• Two-unit Heating, Ventilation, and Air Conditioning (HVAC) system specifically designed to address both peak volume needs for short amounts of time and low volume needs for long amounts of time.
  • On-demand hot water units, motion sensor lighting, passive solar design, and above-required insulation.


Normally, a space this size (5,000 square feet) would only require a single unit HVAC system, but because performance venues operate at high peaks for short amounts of time (200 people for two hours followed by two people for ten hours), a two-unit system was the most appropriate and efficient choice. This system allows the performance space, which has high demands for quick heating and cooling, to be on a different zone than other areas of the building which have more even heating and cooling demands. We will also be using evaporative cooling, a method that has many benefits over traditional air conditioning systems which use refrigerants considered to be harmful to the environment. Not only is evaporative cooling less expensive to install and operate, it requires less energy, is relatively easy to maintain, and is most effectively used in dry climates such as ours. 

While a two-unit system costs more than a single-unit HVAC system ($90,000 versus $155,000), cost savings can range from 33–66 percent based upon the air temperature in a year. Providing a more evenly conditioned effect, this system has the further benefit of zoned heating and cooling, controlled by multiple thermostats (located both on and off site). This will allow us to heat and cool the lobby, bathrooms, and dressing rooms separately from the stage and audience seating. This system incorporates make-up air units (MAUs)— a larger air handler that conditions outside air— with an integral carbon dioxide monitoring system for recirculation of air. This allows us to effectively improve climate control for our patrons without unnecessarily using more energy to ventilate a space for maximum capacity when it is filled to only a percent of capacity.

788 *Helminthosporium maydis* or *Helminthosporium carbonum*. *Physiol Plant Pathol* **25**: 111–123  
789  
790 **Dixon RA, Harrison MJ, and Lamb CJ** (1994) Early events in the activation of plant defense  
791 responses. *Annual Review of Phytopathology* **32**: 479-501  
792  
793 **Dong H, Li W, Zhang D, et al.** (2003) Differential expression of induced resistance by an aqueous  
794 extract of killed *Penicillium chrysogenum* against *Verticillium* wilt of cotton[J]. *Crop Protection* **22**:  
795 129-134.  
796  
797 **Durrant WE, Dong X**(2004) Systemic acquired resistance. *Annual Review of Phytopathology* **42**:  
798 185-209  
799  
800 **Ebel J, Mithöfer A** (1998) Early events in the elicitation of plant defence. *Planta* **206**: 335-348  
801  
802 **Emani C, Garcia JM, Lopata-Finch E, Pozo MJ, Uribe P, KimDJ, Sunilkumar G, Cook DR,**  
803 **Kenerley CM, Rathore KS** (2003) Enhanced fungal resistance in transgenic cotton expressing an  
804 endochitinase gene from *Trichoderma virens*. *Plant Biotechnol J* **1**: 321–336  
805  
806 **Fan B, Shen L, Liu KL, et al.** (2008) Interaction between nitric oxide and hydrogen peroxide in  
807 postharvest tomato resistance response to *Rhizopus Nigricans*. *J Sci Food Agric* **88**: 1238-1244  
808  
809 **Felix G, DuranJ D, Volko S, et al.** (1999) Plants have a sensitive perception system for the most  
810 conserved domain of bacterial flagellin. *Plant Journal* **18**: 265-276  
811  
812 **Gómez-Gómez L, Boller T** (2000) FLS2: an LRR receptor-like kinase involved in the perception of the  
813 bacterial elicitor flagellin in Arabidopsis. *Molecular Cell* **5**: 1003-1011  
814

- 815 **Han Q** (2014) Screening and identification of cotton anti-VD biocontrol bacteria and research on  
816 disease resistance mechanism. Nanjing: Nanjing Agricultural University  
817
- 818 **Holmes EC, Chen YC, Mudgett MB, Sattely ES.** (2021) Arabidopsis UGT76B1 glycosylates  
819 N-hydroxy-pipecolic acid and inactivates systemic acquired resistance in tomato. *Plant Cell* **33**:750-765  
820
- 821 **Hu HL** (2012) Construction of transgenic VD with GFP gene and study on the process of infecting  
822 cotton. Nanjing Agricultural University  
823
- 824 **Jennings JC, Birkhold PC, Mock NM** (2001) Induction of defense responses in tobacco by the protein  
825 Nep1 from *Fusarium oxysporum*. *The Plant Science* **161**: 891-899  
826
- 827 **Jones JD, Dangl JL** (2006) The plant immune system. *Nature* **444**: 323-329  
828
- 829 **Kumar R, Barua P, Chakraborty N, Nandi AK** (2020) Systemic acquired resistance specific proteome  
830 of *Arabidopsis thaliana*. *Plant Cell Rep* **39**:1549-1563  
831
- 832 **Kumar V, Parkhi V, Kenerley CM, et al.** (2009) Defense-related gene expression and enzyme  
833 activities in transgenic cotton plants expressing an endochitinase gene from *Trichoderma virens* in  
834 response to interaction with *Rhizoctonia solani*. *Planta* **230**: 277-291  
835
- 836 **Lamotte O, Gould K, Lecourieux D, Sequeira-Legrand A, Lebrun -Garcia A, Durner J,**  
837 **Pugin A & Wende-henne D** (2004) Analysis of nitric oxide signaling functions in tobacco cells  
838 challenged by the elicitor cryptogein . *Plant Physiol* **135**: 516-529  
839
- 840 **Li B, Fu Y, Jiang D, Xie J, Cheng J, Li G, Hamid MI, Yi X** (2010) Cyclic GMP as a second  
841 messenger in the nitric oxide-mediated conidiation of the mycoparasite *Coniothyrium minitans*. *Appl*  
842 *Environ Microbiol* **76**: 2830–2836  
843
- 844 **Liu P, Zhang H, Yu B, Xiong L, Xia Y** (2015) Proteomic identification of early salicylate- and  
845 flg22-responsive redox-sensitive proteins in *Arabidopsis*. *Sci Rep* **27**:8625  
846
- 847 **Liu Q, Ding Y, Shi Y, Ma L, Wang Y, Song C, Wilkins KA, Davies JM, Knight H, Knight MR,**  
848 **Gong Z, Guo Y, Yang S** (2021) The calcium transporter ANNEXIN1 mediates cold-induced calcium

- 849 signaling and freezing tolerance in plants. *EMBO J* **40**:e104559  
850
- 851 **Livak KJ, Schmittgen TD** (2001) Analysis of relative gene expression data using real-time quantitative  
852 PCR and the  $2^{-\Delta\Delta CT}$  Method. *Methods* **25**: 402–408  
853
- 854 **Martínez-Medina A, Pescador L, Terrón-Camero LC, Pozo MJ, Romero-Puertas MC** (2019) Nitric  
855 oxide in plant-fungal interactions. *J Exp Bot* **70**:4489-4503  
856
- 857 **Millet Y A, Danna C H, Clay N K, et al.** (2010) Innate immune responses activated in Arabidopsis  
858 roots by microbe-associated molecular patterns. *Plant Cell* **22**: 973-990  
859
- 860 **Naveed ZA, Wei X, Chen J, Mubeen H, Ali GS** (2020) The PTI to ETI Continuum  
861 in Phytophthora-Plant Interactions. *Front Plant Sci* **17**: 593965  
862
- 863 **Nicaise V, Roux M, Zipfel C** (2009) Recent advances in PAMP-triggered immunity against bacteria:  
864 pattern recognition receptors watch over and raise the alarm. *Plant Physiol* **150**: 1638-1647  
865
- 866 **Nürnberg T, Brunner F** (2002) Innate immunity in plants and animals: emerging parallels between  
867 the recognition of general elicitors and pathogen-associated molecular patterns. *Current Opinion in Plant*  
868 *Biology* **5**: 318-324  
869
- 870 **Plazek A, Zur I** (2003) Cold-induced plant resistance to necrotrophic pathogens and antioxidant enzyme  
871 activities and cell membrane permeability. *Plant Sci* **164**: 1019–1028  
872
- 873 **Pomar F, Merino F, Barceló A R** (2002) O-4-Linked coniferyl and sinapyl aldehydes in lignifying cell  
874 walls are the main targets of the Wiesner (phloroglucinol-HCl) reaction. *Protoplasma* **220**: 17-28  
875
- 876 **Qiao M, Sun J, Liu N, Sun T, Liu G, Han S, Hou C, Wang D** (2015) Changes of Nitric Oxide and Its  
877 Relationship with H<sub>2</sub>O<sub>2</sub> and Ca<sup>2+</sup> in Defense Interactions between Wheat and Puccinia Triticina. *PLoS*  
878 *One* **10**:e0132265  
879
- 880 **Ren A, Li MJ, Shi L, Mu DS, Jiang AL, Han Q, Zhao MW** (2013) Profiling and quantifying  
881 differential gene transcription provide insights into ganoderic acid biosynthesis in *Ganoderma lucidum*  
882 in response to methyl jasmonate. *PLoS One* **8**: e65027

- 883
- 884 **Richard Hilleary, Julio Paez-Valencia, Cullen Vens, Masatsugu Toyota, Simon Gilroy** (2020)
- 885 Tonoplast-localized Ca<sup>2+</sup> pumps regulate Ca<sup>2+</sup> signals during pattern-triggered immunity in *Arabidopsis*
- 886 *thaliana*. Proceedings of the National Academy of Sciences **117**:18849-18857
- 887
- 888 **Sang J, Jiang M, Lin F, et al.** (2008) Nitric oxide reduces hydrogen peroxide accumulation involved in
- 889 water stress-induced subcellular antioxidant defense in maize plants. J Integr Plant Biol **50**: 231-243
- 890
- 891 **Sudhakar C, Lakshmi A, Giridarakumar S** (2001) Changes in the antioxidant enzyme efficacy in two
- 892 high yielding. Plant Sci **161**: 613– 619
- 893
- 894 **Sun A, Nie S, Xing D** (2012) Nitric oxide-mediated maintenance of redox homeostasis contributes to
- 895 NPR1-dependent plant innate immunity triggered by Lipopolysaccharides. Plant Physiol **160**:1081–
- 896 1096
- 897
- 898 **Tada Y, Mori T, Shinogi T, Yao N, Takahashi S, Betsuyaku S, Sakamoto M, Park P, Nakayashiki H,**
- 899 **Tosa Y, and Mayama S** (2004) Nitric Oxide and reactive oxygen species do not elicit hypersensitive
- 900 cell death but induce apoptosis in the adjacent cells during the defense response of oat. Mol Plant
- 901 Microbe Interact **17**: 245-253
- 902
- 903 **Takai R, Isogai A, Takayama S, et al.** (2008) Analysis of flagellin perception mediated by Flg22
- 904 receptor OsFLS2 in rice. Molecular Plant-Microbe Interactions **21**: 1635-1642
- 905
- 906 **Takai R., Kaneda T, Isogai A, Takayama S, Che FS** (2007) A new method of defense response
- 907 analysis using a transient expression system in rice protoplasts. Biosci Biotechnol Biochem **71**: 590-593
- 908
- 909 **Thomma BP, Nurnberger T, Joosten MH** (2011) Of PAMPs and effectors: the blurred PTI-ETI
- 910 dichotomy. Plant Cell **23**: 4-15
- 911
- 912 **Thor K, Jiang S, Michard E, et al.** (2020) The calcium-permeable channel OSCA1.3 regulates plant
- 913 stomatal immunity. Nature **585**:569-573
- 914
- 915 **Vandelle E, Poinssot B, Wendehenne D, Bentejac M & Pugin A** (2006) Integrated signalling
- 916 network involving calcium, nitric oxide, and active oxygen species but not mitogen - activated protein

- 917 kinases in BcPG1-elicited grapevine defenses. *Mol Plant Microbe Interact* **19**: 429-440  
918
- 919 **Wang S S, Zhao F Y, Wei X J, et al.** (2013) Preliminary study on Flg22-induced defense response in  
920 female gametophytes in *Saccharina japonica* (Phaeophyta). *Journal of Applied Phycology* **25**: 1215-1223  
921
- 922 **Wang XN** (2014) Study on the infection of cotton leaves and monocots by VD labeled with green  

The two-unit HVAC system is just one component of the CRT’s sustainable energy plan for this venue. Because of our high mountain location, we have both the benefit of 300 clear-sky days and the downfall of existing in a region that requires heating seven to eight months out of the year. Therefore, we first took advantage of the sunshine by positioning the lobby of the building (the only space featuring windows) on the west side of building to provide the benefit of “daylighting” the lobby. Additionally, we have installed a light silver roof, as lighter colored roofs use 40 percent less energy for cooling than a building with a darker roof. With conventional heating systems for this region being relatively expensive, we looked next at reducing heating costs, specifically through insulation. R-Value is the efficiency of insulation, and a well-insulated building can reduce the amount of energy needed to heat and cool the space to achieve the same temperature. If installed as drawn by Semple Brown Design, our exterior envelope will exceed the 2003 International Energy Code for Climate Zone 17, which calls for a minimum of R-13 for walls; all of the walls and roof are a minimum R-19 and range up to R-30 in some places. Other energy efficient features of this building will include on-demand hot water heaters and motion sensor lighting equipment in low traffic areas (bathrooms, dressing room, and storage spaces). As a small, rural non-profit, we are striving to reduce our production of greenhouse gases by making energy conscious choices.